Tuesday, October 04, 2011

Owen Flanagan, Ph.D. - Bourgeois Buddhists: Do Americans Miss the Point of Buddhism?

I've read a couple of Owen Flanagan's books and find myself in general disagreement with him on a variety of things, not least of which is free will (see The Really Hard Problem: Meaning in a Material World). I have not read his new book, The Bodhisattva's Brain: Buddhism Naturalized, but I'll probably give it a shot. Even though I often disagree with him, he challenges me to see through his perspective. That's always useful, especially when it can change my thinking.

This article from Huffington Post examines his sense that Westerners, i.e., residents of the U.S., are misunderstanding the meaning and message of Buddhism. He asks, and answers:
What kind of Buddhists are American Buddhists? Buddhism is first and foremost a complex philosophy about the nature of reality, the self and morality. Philosophically what is interesting is the connection between understanding that I am no self and that I have reason to be maximally compassionate and loving to all sentient beings. Do most American Buddhists know about the philosophy or enact the moral message of Buddhism?

In my experience the answers are "no."
I probably agree with him - but I'd have to read the book to know for sure. He tends to build subtle arguments sometimes, at least around philosophical issues.

Bourgeois Buddhists: Do Americans Miss the Point of Buddhism?

Owen Flanagan, Ph.D. - James B. Duke Professor of Philosophy, Duke University

Last month when my new book, "The Bodhisattva's Brain: Buddhism Naturalized" (MIT, 2011) was published, I was deep in the jungle among the Achuar, an indigenous people living on two million acres of primary rain forest in southeastern Ecuador and northeastern Peru. The Achuar had not been contacted until the 1970s, and they are -- despite the thirst for the oil on their lands -- committed to living harmoniously and sustainably with nature. Nowadays the Achuar say -- but only as an afterthought, a courtesy, and perhaps only to well-off Westerners like me -- that they are "Catholic." But there are no churches. There are numerous shaman. The Achuar interpret their dreams every morning in order to plan their days. They shape shift. They use hallucinogens to see their futures. And many men have multiple wives.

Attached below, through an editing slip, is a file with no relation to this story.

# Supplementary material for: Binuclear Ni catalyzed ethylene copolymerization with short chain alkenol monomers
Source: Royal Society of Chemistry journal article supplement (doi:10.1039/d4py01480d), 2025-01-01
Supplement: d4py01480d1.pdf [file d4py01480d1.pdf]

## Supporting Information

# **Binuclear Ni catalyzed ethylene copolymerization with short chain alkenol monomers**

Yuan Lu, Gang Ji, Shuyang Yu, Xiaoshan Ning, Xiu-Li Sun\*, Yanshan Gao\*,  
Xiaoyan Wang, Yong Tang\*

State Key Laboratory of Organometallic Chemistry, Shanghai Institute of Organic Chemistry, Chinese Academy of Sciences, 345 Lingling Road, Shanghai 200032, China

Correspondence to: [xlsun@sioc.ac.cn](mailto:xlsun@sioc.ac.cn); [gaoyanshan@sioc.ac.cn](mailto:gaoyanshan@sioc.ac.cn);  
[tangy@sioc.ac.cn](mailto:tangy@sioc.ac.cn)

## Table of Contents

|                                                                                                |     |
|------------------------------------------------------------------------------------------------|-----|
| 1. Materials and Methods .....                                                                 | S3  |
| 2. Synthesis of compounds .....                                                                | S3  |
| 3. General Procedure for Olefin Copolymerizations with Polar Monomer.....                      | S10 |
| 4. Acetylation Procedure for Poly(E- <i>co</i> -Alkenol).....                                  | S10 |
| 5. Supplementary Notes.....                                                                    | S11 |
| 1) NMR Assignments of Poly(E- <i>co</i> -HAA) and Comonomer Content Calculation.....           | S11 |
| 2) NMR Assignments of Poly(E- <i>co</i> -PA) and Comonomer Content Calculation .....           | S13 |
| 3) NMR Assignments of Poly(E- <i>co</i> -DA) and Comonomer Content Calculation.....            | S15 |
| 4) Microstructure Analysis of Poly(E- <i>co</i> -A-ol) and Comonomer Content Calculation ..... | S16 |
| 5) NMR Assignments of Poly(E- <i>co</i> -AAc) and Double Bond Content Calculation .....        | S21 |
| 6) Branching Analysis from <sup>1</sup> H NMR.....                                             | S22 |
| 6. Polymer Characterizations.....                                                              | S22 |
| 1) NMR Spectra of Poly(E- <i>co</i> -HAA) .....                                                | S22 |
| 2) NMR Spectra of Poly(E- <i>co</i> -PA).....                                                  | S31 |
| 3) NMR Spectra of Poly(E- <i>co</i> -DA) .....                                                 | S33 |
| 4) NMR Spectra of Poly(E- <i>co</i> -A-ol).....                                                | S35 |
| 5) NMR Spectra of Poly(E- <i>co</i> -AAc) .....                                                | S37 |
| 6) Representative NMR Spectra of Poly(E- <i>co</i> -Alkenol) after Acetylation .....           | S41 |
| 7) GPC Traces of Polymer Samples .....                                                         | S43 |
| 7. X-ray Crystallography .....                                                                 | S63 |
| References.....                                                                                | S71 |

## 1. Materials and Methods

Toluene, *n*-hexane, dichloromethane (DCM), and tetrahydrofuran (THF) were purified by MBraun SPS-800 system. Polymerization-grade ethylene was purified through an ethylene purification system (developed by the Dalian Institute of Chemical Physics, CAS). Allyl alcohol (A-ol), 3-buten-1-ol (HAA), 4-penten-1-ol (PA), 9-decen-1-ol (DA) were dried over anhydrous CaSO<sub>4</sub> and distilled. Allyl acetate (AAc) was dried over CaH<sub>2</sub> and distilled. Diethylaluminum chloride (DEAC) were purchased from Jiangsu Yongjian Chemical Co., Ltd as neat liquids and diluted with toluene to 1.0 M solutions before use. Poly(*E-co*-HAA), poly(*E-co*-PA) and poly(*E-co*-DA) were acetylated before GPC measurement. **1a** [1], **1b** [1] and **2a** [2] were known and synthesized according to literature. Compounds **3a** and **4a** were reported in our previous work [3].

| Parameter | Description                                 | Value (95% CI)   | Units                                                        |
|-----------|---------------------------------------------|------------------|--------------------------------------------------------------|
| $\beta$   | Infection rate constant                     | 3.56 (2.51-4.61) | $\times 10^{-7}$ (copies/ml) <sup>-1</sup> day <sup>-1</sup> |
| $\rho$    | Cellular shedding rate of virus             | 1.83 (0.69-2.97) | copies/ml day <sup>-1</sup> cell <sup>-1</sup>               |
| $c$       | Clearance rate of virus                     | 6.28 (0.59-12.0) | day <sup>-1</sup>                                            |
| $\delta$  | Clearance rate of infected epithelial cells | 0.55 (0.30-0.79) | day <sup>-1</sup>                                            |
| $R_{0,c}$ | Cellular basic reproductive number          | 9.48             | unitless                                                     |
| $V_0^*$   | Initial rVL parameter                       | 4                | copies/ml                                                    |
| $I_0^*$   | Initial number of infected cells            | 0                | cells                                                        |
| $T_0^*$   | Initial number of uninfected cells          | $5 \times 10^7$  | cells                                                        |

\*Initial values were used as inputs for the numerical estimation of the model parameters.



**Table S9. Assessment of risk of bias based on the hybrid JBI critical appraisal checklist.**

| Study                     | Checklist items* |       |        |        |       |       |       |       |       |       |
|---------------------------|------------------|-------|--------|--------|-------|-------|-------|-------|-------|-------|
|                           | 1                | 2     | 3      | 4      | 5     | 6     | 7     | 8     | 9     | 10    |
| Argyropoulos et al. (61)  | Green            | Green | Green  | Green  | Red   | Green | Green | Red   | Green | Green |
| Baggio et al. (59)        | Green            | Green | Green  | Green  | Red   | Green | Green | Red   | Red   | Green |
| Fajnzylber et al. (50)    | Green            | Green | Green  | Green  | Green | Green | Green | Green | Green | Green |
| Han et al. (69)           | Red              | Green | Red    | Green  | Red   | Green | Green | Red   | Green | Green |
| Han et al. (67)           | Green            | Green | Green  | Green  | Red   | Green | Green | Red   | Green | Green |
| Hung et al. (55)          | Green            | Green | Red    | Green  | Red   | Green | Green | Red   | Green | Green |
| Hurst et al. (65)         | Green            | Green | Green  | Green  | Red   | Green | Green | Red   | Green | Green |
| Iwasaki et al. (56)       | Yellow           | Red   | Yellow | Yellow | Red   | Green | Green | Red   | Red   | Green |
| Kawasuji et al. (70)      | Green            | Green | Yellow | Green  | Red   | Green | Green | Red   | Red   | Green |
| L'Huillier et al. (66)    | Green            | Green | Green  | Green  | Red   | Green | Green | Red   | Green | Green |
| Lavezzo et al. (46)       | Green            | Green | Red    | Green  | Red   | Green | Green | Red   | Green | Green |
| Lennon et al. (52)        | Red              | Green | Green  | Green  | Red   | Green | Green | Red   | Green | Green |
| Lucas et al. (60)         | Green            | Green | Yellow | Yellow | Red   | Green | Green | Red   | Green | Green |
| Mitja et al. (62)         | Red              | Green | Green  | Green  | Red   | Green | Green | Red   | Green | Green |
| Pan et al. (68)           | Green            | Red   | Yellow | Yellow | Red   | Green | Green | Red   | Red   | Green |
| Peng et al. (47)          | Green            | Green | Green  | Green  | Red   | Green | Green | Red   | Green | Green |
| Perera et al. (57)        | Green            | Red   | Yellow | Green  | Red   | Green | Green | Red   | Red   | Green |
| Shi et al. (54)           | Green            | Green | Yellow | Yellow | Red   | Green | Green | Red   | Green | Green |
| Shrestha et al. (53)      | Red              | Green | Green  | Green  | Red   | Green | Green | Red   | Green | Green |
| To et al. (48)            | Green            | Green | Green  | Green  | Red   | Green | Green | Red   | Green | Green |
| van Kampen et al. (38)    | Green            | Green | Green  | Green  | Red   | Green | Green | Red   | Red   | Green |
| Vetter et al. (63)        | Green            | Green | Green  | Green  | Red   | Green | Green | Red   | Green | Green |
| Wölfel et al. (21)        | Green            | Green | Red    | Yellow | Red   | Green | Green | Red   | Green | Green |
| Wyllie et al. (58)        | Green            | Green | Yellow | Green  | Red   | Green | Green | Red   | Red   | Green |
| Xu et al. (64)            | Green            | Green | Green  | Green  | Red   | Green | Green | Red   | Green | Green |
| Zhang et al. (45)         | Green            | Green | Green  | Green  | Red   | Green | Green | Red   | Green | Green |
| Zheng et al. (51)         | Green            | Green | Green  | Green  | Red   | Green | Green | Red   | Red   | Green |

I was raised as a Catholic, so I was amused and perplexed by this odd and ill-fitting appendage to a noble form of life. In what sense of "Catholic" are the Achuar people Catholic? Are they Catholics (as many as 40%, are Evangelical Christians, but even they say they are Catholic) primarily because they have learned to say that the spirit of the rain forest, arutum, is the spirit of Jesus Christ? The question generalizes: What beliefs or practices are enough to make one a bona fide member of any spiritual tradition?
Read the whole article.

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